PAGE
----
4. In order for this situation to look sexy to you in the first place, for you to tell yourself a story about why something that wouldn’t be okay for anyone else is okay for you – you need to acknowledge and explore how you were trained for this type of relationship. Where did you learn to live without – attention, respect and love? In childhood, how did you learn to ignore your own needs in order to care for an adult? How did that go on autopilot? The point isn’t to blame but to understand. You can’t grow without understanding what is wrong,
  5. If you are in this kind of unbalanced relationship you need to expand your circle ASAP- get a therapist, join the PTA, sing in a choir – do something that will help you get some distance and outside perspectives If you could have solved this solo without making anyone uncomfortable I promise you it would have happened by now.
  6. You are going to have to develop a tolerance for discomfort – your own and others. Looking at the whys of your behavior is not superficial work. You will need more than a book or a worksheet. You will change and discomfort will come along with that. You cannot have the balanced relationships you want without learning how to say no and experiencing the emotions you feel and that others express.
  7. You need to figure out what you believe – I know that sounds crazy, you are grown right? My clients that are in unbalanced relationships develop this behavior that I call auto-agree. They learn that disagreement causes problems so they just automatically agree with their partner without realizing it. My clients will come in and when I ask them a question that will tell me what their partner thinks without realizing they aren’t answering the question -what do you think? Exploring differences in points of view and the toll you have paid for auto-agreeing is painful.
  8. You have fears about feelings – your own and others’. This comes as a shock to my clients – they consider themselves emotionally aware and intuitive. And you are good at reading the feelings of others and keeping people buffered from discomfort. You are afraid of dire consequences that may happen if you stop buffering people. You are afraid of your own feelings when you are not tending others’ needs. You want to find out why, it is a belief that is learned.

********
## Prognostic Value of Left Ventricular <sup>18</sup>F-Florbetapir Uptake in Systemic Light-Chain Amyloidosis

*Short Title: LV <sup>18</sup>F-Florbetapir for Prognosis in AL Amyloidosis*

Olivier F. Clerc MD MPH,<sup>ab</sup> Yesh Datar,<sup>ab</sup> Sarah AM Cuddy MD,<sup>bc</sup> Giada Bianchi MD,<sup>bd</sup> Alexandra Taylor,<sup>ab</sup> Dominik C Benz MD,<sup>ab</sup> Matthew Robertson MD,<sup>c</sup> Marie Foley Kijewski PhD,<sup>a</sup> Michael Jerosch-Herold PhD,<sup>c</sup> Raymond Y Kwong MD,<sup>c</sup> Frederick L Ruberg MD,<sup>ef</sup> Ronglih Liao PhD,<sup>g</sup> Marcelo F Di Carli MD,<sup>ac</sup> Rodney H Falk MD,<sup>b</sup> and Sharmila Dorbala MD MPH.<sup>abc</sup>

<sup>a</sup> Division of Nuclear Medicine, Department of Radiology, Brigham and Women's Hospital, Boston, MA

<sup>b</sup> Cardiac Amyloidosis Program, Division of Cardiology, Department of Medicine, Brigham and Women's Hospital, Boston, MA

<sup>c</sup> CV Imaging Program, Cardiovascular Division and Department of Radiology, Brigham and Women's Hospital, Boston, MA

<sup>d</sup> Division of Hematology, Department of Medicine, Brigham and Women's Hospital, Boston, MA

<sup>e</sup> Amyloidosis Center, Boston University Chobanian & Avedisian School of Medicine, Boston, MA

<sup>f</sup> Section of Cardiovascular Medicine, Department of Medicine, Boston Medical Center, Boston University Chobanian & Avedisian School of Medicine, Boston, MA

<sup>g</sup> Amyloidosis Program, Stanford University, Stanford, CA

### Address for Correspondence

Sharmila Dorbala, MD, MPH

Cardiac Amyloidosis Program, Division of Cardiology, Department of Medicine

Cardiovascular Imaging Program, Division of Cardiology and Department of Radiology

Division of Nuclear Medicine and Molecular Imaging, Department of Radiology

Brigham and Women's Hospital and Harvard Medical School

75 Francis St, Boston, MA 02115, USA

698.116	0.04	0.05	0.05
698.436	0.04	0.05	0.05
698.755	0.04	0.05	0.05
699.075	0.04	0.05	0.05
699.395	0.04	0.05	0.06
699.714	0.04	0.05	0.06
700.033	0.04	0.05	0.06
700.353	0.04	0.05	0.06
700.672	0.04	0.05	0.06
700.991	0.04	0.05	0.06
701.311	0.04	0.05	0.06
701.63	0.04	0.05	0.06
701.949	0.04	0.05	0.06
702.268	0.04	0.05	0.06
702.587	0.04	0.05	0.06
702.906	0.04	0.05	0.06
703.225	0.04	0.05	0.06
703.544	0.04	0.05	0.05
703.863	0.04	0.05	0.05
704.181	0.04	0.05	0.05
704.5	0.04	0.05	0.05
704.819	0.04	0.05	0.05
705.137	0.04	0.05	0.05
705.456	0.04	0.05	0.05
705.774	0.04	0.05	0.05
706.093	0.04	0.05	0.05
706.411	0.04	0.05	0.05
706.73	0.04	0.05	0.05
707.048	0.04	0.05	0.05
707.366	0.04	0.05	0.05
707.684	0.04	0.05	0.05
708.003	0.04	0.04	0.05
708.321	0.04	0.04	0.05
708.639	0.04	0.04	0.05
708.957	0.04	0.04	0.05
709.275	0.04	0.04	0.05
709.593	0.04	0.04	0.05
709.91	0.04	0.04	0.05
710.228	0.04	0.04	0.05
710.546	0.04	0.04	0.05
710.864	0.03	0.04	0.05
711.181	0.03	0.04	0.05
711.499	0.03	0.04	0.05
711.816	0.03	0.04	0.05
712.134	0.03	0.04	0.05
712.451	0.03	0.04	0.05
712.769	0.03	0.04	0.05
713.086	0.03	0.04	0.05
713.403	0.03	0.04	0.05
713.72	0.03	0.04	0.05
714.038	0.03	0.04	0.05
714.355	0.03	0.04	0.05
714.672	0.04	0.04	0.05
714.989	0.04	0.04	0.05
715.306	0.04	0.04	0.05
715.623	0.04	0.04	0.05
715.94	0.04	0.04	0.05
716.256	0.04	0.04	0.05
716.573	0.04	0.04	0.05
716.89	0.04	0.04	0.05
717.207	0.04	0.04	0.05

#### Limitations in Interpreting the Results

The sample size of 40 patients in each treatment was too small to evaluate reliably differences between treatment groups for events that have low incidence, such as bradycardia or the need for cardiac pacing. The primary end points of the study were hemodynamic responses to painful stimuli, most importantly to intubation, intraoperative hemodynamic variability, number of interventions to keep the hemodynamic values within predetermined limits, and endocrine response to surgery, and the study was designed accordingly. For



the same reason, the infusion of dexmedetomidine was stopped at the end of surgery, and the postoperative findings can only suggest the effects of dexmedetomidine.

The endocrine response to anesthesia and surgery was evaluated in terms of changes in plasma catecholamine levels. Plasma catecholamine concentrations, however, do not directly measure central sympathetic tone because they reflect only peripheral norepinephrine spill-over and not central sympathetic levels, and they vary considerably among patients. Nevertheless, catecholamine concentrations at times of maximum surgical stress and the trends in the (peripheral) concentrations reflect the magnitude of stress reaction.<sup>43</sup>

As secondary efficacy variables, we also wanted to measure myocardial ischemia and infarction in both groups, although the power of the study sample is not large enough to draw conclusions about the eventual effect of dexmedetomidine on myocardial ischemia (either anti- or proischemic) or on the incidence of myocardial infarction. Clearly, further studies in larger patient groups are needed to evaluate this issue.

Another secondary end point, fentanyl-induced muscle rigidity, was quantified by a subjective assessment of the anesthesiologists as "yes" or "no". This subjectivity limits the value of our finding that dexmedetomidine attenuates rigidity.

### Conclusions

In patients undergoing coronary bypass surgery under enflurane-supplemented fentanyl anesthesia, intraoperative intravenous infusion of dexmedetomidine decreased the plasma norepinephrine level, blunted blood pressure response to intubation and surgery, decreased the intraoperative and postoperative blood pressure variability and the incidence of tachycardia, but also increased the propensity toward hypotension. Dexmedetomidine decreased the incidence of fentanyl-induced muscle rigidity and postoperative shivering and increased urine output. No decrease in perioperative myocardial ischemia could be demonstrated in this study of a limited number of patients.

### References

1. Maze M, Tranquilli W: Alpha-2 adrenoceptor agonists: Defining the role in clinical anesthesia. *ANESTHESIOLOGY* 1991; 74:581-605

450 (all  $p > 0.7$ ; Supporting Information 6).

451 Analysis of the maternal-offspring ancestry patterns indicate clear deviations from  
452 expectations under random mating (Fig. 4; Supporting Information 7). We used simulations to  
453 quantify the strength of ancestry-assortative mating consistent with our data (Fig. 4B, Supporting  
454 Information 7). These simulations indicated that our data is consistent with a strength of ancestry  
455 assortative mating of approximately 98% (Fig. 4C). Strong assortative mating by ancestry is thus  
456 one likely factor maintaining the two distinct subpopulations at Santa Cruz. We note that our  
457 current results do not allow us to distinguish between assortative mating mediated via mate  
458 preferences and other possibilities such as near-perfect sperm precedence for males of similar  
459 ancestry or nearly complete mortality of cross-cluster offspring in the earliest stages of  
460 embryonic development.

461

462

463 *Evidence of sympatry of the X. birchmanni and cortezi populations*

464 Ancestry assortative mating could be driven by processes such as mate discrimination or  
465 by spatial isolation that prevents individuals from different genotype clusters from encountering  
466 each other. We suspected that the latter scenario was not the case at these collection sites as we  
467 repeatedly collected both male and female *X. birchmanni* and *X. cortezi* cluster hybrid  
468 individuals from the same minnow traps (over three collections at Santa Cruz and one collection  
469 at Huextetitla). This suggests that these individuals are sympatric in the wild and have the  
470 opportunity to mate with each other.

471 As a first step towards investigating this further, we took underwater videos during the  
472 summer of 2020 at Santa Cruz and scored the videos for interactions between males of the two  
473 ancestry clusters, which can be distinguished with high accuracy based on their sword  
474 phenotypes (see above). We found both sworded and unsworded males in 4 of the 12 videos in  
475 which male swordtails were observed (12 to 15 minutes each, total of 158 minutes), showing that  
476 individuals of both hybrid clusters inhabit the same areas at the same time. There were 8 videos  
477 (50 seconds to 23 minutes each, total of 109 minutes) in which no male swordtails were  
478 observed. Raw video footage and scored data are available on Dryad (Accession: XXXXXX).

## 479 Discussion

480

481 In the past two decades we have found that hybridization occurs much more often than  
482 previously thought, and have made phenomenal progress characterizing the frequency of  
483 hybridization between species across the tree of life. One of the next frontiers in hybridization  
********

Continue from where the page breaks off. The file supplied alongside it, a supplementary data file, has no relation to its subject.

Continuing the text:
9. You have to give up the negative self talk, period. You can’t talk about yourself like you are trash and expect to not feel like trash. It doesn’t work.
  10. Your relationships with significant others outside your relationship will change once you start to change. Some will embrace your change and others will leave. Everyone has free will.
  11. The reasons why your unbalanced relationship ‘worked’ will show up, that doesn’t mean you are making a mistake by wanting something different. You will struggle to find ways to meet the needs that the relationship keeps at bay. There is safety in being with a needy person – they never really see you, except in relation to your ability to meet their needs. It will be a struggle – here’s the thing though, that’s where the magic happens. That’s where you learn about yourself and develop confidence by doing – it is a confidence that cannot be taken away by someone else.

Thanks for sticking with me throughout this blog post. Some may have a temptation to put off individual therapy and use this post to justify securing help for their partner. Resist the temptation. If you identify with this blog, hit the button to schedule a 15 minute consultation call to see if we are a good fit.